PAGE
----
Monday, April 10, 2017

Monsoon Watch - 1... 2017....10th April 

These reports are my personal views, study and observations. Estimates and forecasts are also my own calculations and views, and may/may not tally with any other estimates. This may not be used for commercial purposes. The author is not responsible for any commercial loss from this article, or this series of articles.

The Monsoon developments, as they unfold, will be analysed and discussed and explained in Vagaries. 

The South West Monsoon is just about 35 days away from its normal date of arrival from the shores of India ! Yes ! its just 35 days from the First touch of shores...Southern most point of India on the South Andaman Islands, Indira Point, where the normal arrival date is 15th May.
And its about time we start the follow up of its progress and monitor its developments. 

The Sub-Continent is eagerly awaiting its share of 2017 monsoon rains !

This annual series is a follow up and chasing of the South-West Monsoon. 

Every article in this series explains the synoptic situation as it actually is, and based on the day's position, the date and quantum of rains as on THIS SITUATION.

It is very important to firstly estimate the date of arrival of the S W Monsoon, as year to year, variations in dates of onset of the monsoon can occur and there have been several occasions in the past when the monsoon arrived over certain parts of the country about a fortnight earlier or later than the normal dates. The SWM has the  weatherman tearing at his hair for the exact date or time, extent and progress. This is never 100 per cent sure though various weather models are used to calculate this event.
Initially, in the first few articles, of this series will be chasing and closely following up the actual developments of the monsoon parameters, and analysing its progress regionally for calculating and estimating the arrival date. 

We are not yet contemplating the quantum of rains or the monsoon strength as yet. 

There are 2 parts to this article:
A)-This is the Ideal Conditions  During SWM Onset in Early June.  


and 
B)below indicates the actual situation of the parameters situation today (9th April).

A)
Very very briefly, let  us first understand, that the "power house" of our SWM is actually based far away in the southern Hemisphere. The main "generating factory" is the Mascarene Highs, between SE of the Madagascar coast and Australia. The SWM is born down South, 4000 kms from the Indian Mainland !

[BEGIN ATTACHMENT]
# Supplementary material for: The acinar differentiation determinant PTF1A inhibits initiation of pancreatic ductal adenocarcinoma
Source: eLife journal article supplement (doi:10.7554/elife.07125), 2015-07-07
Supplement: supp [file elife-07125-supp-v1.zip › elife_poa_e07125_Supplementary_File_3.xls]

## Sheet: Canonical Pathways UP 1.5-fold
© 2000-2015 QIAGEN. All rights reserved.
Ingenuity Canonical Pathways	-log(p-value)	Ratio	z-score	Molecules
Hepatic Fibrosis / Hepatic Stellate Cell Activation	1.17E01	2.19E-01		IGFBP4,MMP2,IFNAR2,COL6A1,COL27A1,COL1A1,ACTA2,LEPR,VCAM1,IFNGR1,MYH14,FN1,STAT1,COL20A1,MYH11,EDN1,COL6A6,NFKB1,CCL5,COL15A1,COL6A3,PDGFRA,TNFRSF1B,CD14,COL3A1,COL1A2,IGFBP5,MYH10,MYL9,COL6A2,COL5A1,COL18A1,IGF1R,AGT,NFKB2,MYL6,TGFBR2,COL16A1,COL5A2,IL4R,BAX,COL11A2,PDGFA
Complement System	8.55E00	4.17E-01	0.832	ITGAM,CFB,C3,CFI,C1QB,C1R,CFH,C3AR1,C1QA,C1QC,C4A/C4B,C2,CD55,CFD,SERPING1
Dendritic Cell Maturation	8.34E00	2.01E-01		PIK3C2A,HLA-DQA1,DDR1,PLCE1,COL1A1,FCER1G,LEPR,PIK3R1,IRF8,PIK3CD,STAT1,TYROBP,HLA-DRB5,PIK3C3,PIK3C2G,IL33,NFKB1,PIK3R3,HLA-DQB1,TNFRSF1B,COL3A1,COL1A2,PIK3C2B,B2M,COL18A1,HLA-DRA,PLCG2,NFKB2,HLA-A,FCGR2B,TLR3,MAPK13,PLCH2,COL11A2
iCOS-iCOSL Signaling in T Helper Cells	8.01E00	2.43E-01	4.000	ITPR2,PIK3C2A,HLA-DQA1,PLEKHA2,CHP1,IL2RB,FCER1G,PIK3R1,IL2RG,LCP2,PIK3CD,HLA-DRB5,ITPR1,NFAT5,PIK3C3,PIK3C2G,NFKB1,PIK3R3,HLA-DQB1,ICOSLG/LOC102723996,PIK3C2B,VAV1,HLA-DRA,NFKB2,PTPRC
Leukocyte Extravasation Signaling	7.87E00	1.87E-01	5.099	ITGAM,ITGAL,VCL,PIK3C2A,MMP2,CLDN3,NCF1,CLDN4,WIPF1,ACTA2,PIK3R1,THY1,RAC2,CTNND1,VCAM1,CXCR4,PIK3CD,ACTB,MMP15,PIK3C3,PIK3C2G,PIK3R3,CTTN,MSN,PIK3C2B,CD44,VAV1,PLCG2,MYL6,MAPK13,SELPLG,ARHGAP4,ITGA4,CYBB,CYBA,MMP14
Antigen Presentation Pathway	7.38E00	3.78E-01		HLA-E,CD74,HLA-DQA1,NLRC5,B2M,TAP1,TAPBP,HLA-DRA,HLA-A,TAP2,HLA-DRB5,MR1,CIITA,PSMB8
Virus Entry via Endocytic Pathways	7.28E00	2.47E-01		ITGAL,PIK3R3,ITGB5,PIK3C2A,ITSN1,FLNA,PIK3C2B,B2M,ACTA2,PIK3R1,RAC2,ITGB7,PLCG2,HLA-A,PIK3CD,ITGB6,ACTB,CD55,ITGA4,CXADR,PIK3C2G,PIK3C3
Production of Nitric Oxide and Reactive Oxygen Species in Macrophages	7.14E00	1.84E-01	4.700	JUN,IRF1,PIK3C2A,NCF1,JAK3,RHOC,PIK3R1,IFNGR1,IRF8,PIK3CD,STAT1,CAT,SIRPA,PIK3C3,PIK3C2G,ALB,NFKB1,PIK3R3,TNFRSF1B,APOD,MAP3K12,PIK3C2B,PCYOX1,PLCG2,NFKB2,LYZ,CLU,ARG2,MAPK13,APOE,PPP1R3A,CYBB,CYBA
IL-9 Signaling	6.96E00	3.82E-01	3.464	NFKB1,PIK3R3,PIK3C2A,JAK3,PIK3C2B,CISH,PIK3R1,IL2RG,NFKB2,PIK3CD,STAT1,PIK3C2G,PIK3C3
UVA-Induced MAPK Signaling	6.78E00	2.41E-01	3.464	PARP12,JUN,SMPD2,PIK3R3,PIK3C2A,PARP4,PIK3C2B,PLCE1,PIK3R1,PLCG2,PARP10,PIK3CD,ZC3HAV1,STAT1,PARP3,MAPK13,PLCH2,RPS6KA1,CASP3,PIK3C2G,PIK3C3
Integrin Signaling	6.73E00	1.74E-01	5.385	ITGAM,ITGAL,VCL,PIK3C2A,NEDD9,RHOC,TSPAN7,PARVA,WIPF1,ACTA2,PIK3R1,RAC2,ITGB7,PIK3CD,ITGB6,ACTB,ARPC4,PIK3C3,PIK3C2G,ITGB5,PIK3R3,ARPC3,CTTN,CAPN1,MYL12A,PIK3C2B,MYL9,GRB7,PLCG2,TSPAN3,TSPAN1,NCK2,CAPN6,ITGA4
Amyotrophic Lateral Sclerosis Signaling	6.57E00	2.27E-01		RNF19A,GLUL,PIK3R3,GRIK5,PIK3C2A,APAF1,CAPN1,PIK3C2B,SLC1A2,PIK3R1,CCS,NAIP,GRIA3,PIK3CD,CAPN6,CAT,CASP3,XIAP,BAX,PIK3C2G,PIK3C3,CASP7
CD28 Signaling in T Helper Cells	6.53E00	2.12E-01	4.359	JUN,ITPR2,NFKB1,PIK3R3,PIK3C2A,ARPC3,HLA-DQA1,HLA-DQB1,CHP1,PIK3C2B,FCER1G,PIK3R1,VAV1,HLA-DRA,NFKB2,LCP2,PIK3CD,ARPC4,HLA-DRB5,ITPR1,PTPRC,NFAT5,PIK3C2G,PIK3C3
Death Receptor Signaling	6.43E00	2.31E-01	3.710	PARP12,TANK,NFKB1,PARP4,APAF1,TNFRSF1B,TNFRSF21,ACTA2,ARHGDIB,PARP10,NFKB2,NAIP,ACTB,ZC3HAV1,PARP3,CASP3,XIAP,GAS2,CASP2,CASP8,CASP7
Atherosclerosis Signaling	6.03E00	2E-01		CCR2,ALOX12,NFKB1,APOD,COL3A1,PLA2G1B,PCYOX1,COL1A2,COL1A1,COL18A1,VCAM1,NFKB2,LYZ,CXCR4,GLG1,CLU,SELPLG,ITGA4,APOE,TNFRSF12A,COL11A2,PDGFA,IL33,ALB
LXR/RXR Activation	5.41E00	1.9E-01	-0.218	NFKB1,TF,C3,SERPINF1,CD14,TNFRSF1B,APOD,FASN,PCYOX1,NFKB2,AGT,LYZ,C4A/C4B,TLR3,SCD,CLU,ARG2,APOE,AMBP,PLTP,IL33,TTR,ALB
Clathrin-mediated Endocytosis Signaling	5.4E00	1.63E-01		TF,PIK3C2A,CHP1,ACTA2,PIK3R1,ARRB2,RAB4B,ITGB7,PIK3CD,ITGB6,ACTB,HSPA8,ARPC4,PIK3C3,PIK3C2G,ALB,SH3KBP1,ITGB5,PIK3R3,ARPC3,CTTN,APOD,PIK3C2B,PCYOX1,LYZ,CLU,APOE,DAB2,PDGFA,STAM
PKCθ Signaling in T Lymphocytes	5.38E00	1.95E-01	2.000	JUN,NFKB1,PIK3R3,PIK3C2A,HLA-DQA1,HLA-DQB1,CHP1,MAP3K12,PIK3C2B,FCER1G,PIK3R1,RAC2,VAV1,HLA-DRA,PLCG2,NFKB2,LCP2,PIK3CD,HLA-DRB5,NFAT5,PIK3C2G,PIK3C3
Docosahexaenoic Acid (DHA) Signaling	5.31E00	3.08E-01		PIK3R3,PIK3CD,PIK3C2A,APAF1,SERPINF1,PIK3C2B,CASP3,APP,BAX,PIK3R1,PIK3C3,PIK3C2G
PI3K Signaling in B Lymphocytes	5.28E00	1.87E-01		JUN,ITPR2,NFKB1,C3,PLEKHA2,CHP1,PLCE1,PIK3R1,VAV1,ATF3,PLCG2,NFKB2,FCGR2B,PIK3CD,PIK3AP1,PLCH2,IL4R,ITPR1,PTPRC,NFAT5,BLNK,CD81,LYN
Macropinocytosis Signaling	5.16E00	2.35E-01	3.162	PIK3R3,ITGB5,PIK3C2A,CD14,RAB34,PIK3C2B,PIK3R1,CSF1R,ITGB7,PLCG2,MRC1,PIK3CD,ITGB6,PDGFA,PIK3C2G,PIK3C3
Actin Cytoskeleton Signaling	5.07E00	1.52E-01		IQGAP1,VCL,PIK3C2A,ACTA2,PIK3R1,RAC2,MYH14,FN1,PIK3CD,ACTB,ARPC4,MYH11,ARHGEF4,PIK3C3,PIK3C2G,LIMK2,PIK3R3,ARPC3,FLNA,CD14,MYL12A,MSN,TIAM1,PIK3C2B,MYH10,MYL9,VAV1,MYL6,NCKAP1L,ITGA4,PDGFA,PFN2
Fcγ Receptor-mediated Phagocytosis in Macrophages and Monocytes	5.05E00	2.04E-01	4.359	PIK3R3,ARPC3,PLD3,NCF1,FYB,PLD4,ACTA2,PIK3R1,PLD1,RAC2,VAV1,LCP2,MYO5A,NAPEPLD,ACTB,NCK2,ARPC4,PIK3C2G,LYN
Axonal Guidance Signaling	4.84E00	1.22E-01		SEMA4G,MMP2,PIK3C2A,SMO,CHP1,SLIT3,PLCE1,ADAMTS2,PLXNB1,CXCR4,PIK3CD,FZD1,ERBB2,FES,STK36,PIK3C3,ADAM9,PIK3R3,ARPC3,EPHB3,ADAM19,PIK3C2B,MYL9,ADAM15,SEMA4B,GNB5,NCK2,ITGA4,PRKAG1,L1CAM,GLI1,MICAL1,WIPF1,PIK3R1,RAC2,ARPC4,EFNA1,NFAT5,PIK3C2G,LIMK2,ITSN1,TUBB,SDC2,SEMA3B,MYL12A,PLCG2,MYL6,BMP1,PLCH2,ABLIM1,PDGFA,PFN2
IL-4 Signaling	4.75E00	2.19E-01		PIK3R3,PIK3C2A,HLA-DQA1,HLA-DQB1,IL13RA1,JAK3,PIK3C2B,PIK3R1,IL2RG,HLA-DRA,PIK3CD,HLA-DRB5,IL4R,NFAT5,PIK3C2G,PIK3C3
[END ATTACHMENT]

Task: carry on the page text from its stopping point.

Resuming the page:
The proper formation of these high regions,(1032/1034 mb at least) will boost and create proper SE winds to lash the East African Coast near the Equator, and then turn perpendicular towards SW in the Northern Hemisphere. 

And the formation of the "Tibetan High" is another factor. An anti-cyclone in the upper atmosphere over the Tibetan Plateau. During the formation stages, there will be thunderstorm activity in the SE parts of Tibet during the months of April and May.

To generate a powerful SW wind, the cross equatorial flow must be strong and gusty. SW winds (ultimately upto 600 mb levels) then are capable of riding on the warmer Arabian Sea waters (Arabian Sea Branch of SWM) and bring cloud masses towards the West Coast of India. In the Bay, similar SW winds are generated (Bay branch of SWM), but from SE winds below the equator, just below Sri Lanka.

And to attract the SW winds, again, we need a good proper "seasonal low" to develop in the Sub-Continent. This seasonal low, normally should start forming around Barmer, Rajasthan, by mid April, and at its peak stretch upto Arabia. Seasonal low at its peak, in June, should normally be around 994 mb, and the ridge around Kerala should be 1008/1010 mb. This enables a good gradient to pull the SWM Northwards and inland.

B)-In this initial stage, we will observe the basic root and foundation, the initial 4 parameters only, and the initial seed of the monsoon. From these parameters, later a few more develop.
1. Cross Equatorial Winds from Southern Hemisphere.
2. Seasonal Low over India/Pakistan.
3. ENSO Status.
4. Pre Monsoon Low in the Bay.

Position as on 9th April:
1. Cross Equatorial Winds:
The Mascarene Highs are the main "Power House" of the South -West Monsoons. This generates the South -East winds, which after gaining strength, cross the equator and become south west. For a proper High to form in the South Indian Ocean, the cyclone season (Low pressures) should completely die down from that region.